The original HEXBEAM was developed by Mike Traffic, N1HXA, in the early nineties. It is true that an “M” over “W” configured yagi antenna that resembled a butterfly was earlier tried successfully. But the advanced electrical design, the characteristic nesting concept and central terminal post that enable the multi band functionality along with the basic hardware design were all developed by Mike Traffie. Mike says his design was inspired by the snowflake and even cites the Holy Scripture. He spent much time in testing and analysis of the antenna to allow practical, multi band operation. Mike invented many of the unique fixtures and components and began offering the new beam commercially, obtaining a legal trademark of the term “HEXBEAM.” That is the reason most makers of the hexagonal beam in the U.S. avoid the improper use of that term.
The HEXBEAM was reviewed favorably in both CQ and QST magazines and soon earned a reputation for being a pileup buster among its owners. For a number of years it was the only commercially available hexagonal beam. Eventually, home brewers began building the “hex beam” and for years, web sites maintained by W1GQL and DL7IO were the intellectual source for those who wanted a classic “hex beam” but preferred to build it themselves. The Traffie beam is no longer offered commercially but there are a lot of HEXBEAM aficionados and the beam was quite well made so it will be heard on the air for some time. Many homebrew versions of the original Hexbeam are in service today.
This original design is a good antenna and owners of the HEXBEAM are quite vocal about its performance as were builders of the homebrew version. But things have progressed a little and thanks to the exhaustive work of Steve Hunt, G3TXQ, in 2007 a slightly different configuration of the hexagonal beam was discovered. Viewed from above the wires for a single bander look like the sketch to the right. The new version is much easier to build and adjust than the original classic version. And it has a broader frequency response than the original version. The only disadvantage is that the new broadband version is 22 ft in diameter vs 19 ft for the original Hexbeam. Hunt published his work in the December 2007 edition of Antennex – the on-line magazine for antenna experimenters. Later, K4KIO published an article on how to build a broadband hexagonal beam in the March 2009 edition of QST.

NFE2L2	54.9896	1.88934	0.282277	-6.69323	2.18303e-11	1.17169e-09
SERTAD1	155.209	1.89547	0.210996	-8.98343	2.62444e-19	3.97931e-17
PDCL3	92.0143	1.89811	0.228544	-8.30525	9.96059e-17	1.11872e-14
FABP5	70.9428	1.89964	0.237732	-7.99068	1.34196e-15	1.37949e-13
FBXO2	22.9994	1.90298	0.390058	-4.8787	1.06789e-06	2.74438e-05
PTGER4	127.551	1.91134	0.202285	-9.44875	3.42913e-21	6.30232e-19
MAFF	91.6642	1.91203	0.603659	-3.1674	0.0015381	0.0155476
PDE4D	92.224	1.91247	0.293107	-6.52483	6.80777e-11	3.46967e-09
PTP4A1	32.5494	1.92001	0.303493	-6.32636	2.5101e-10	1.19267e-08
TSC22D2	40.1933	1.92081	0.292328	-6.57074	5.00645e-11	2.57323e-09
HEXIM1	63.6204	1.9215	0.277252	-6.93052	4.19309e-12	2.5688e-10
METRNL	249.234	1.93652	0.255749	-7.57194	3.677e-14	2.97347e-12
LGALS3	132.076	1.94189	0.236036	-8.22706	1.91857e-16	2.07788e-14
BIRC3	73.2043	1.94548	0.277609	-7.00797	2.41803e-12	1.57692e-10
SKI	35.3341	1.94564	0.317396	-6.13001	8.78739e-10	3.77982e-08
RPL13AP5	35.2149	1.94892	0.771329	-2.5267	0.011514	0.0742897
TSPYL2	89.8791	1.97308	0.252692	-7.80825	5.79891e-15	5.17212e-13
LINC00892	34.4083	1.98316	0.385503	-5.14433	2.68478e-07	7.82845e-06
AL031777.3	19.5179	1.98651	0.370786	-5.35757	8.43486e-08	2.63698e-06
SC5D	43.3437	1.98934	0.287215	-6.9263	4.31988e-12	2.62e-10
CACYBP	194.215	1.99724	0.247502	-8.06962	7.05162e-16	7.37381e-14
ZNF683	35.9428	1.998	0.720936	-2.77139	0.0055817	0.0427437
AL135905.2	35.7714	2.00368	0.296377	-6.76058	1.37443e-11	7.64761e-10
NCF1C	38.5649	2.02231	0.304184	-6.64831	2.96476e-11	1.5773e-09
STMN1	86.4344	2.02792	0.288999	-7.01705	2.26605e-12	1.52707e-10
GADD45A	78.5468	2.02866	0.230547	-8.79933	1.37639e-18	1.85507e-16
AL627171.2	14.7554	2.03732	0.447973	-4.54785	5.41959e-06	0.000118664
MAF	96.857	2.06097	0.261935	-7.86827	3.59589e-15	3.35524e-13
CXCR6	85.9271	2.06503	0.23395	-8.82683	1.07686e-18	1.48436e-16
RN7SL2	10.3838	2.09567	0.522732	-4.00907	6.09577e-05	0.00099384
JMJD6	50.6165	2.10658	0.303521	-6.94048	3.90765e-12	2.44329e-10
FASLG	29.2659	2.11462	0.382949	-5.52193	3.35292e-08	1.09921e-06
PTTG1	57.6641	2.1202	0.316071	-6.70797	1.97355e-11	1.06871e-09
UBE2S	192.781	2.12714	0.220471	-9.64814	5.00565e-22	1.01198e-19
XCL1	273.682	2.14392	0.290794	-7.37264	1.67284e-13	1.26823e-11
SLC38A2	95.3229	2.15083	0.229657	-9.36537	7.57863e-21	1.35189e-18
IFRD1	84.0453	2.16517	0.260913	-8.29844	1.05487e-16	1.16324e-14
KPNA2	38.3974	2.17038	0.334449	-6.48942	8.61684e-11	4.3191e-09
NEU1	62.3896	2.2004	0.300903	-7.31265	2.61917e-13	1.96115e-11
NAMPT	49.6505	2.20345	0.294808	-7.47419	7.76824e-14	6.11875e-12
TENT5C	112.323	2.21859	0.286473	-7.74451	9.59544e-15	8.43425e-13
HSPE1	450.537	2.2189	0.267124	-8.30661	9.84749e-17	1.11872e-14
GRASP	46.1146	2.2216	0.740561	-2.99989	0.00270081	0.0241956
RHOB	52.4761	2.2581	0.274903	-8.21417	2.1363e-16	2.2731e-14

Nearly all of the companies both here and abroad who are selling hexagonal beams are offering only the new broad band hexagonal beam and homebrewers are all building that version of the hexagonal beam instead of the original classic version. If you want to build a new broadband hexagonal beam go here for step by step instructions that include a list of parts with sources. For a more full understanding of the technical parameters of the G3TXQ broad band hexagonal beam, visit the web site of Steve Hunt, the inventor of the broadband beam. If you feel you would rather not get into building your own G3TXQ broad band hexagonal beam, you can buy one on this web site. See the details here.